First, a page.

University of Leicester criticised over 'destructive tests' on remains of Richard III
Paul Gallagher is a reporter for the Independent and Independent on Sunday having joined the group in 2012. He has previously worked for the European Voice, Daily Mirror and the Observer and been based in Brussels, Belfast, Tokyo and London.
Tuesday 04 March 2014
Another battle in the ongoing war of words over the final resting place of Richard III has broken out with the University of Leicester criticised for conducting “further destructive tests” on the Plantagenet king’s mortal remains.
In a letter to The Independent published on Wednesday, the "Looking for Richard Project" slams the “cavalier disregard of the legal process” over the university’s desire to sequence the king’s genome. The group, part of the Richard III Society, which in 2012 began the search for his remains in conjunction with the university and Leicester City council, said the tests “raise serious questions of propriety and ethics”.
The authors add: “There has been no independent verification that these tests are either ethical or necessary. Indeed, the university has, in effect, authorised itself to conduct tests that are far from essential and will add very little to our useful knowledge of England’s last Plantagenet king.”
The project’s Phillipa Langley, who led the search two years ago and co-authored the letter, also accuses the university of not honouring her contract with the University of Leicester Archaeological Services(ULAS). The letter said that “any remains positively identified as Richard III would be transferred to her as custodian to be placed in a prayerful environment to await reburial”.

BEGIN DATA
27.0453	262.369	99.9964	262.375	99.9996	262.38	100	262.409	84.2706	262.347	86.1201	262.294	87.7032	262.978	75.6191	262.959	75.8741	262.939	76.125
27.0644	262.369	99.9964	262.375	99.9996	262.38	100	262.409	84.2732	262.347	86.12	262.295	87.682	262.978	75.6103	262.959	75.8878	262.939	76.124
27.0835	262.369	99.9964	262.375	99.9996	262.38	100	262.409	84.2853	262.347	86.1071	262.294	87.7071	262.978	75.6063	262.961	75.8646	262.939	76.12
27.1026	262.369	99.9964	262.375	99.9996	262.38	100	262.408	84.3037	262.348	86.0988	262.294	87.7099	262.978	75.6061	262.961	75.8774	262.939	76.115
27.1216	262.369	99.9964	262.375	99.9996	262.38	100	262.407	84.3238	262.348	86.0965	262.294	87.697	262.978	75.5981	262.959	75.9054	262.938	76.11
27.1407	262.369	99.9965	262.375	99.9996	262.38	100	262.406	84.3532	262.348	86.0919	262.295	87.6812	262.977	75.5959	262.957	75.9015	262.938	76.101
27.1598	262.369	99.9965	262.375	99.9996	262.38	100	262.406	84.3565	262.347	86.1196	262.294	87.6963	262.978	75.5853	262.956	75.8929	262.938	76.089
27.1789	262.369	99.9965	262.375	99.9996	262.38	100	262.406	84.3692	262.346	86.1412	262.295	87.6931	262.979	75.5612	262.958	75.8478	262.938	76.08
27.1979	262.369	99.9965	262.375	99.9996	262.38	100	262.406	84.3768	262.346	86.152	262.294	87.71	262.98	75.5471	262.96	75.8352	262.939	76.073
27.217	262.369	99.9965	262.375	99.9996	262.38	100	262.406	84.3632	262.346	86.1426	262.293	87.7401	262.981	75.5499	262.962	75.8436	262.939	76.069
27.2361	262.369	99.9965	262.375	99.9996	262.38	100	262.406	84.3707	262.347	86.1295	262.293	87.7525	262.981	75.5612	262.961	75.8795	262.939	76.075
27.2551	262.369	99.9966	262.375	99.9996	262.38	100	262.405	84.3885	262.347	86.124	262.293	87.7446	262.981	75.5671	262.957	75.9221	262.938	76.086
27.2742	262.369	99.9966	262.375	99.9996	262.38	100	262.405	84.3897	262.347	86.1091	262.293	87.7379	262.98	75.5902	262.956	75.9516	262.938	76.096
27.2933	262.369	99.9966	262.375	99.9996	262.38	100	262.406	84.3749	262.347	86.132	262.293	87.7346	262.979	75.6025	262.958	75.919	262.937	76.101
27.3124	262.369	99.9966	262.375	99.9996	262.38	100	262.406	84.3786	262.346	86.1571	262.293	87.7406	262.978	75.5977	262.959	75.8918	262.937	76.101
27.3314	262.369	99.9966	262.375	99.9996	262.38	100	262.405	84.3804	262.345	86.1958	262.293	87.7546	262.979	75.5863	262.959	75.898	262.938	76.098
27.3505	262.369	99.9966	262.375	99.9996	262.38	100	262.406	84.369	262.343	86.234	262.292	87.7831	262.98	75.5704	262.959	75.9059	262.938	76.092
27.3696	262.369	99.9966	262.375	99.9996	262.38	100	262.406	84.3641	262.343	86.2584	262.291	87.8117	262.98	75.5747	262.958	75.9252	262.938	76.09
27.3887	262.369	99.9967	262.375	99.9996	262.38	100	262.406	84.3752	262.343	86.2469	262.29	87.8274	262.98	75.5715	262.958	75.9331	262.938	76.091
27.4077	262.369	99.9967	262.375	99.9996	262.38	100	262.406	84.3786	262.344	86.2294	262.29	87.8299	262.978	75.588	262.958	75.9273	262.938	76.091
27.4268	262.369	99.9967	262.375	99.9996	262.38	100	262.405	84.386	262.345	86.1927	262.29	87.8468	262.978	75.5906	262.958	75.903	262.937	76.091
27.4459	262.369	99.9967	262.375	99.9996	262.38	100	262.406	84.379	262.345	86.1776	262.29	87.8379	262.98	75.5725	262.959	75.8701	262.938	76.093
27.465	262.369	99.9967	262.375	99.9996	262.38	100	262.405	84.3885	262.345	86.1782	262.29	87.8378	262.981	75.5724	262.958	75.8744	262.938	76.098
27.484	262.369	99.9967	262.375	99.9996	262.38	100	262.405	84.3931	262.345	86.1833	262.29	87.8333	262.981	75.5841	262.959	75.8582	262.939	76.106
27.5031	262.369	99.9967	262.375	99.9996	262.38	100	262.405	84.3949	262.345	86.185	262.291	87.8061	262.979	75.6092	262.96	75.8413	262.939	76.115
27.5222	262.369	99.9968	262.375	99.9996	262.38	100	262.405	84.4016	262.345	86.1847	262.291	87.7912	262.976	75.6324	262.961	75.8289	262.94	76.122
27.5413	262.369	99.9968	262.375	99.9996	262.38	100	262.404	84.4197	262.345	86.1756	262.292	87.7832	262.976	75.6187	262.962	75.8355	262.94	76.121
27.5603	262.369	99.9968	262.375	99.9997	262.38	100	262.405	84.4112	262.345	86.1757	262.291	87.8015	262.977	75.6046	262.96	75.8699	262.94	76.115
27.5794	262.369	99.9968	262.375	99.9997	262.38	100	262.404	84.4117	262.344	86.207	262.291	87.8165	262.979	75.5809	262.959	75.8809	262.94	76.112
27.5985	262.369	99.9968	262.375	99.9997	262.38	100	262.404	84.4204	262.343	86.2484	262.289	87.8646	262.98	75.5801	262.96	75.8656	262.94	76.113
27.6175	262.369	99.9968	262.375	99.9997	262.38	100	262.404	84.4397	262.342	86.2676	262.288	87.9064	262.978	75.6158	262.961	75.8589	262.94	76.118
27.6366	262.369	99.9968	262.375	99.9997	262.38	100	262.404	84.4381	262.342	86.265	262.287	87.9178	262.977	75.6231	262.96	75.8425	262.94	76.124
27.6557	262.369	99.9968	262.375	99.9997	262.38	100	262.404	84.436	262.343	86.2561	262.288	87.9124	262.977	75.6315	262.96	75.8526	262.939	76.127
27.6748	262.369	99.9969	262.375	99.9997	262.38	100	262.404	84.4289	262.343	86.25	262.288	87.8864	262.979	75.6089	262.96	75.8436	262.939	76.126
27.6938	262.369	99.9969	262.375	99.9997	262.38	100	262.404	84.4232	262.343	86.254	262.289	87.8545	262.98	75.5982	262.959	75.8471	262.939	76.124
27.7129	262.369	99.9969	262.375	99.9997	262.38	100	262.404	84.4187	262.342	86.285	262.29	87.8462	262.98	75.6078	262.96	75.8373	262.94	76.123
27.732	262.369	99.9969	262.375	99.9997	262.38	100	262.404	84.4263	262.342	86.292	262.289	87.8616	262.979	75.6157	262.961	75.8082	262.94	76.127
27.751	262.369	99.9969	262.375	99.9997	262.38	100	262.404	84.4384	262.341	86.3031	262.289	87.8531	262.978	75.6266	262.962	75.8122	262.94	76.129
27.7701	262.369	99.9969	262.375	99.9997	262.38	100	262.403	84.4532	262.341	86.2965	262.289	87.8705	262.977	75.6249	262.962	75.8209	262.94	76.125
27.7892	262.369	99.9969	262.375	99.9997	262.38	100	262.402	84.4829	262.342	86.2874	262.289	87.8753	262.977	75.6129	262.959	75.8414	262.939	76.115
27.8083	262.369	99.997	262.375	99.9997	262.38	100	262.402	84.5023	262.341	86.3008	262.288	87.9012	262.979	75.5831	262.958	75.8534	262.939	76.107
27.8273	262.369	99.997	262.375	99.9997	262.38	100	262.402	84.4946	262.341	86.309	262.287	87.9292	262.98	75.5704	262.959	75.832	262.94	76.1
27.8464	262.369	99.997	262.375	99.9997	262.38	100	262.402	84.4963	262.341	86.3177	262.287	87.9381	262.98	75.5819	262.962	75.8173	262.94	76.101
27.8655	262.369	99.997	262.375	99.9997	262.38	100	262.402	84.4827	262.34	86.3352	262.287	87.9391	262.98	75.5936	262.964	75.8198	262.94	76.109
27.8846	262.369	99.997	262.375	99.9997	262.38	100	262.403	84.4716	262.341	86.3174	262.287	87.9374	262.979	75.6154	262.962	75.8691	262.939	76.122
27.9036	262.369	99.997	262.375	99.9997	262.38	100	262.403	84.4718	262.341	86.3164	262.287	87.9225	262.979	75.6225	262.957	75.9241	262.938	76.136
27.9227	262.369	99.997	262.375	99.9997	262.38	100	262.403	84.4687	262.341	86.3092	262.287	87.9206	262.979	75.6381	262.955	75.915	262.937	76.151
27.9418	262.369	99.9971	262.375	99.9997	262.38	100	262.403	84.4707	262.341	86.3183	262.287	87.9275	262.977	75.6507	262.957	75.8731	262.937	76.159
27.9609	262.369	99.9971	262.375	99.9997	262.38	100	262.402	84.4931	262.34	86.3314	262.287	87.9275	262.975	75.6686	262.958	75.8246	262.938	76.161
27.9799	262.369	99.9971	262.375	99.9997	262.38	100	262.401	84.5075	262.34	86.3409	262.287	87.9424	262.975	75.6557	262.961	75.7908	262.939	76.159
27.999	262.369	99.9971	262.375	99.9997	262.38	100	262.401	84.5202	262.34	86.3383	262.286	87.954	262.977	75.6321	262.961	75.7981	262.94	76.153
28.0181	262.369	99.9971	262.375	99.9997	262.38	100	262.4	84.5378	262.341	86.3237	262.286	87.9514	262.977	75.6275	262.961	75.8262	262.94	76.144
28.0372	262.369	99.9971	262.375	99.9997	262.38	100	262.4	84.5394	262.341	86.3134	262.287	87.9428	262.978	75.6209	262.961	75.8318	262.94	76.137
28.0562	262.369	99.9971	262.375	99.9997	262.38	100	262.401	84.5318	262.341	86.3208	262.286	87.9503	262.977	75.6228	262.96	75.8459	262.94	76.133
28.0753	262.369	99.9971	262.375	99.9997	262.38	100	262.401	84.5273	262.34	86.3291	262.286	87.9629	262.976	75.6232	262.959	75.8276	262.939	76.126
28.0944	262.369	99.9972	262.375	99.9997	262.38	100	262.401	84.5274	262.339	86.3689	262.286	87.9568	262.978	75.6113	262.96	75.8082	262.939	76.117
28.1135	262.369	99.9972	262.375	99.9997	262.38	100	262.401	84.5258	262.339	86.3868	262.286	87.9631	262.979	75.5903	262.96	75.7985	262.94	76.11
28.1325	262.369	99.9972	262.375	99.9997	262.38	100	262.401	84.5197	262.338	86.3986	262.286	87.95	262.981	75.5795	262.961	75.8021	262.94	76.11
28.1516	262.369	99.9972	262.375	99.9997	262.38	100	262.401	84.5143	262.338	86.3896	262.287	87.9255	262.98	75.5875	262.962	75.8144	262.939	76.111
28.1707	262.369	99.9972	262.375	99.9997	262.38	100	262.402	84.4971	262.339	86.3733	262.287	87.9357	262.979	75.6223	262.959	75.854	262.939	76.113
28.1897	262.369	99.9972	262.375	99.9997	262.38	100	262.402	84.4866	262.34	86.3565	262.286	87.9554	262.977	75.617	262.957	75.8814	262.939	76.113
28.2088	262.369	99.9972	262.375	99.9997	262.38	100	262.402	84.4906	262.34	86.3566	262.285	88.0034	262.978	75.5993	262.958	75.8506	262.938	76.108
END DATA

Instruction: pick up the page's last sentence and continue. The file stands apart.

In September 2012 ULAS experts identified the lost site of the city’s Greyfriars Church and a skeleton was discovered under what would have been the choir. It was confirmed as the last king of the House of York through DNA analysis in February last year.
A facial reconstruction of King Richard III (Getty)
However, the decision to re-inter Richard III at Leicester Cathedral has been challenged by a group of the king’s descendants, calling itself the Plantagenet Alliance, among others who claim the king himself wished to be buried in York and custodianship of the remains is still under legal challenge.
A spokesperson for the University of Leicester said: “All research involving human remains is subject to strict ethical codes and procedures. It is essential that in the short window of opportunity that exists before reinterment, that thorough research is conducted that will be of academic and public benefit, and for posterity.
“King Richard III is a figure of immense historical and cultural significance and the information that we hope to obtain from sequencing his genome will provide insights into the health and ancestry of the king and his historical environment.
“The University of Leicester, along with our partners, are committed to treating the mortal remains with dignity and respect as we work together for a reinterment at Leicester Cathedral as soon as the legal process allows.”
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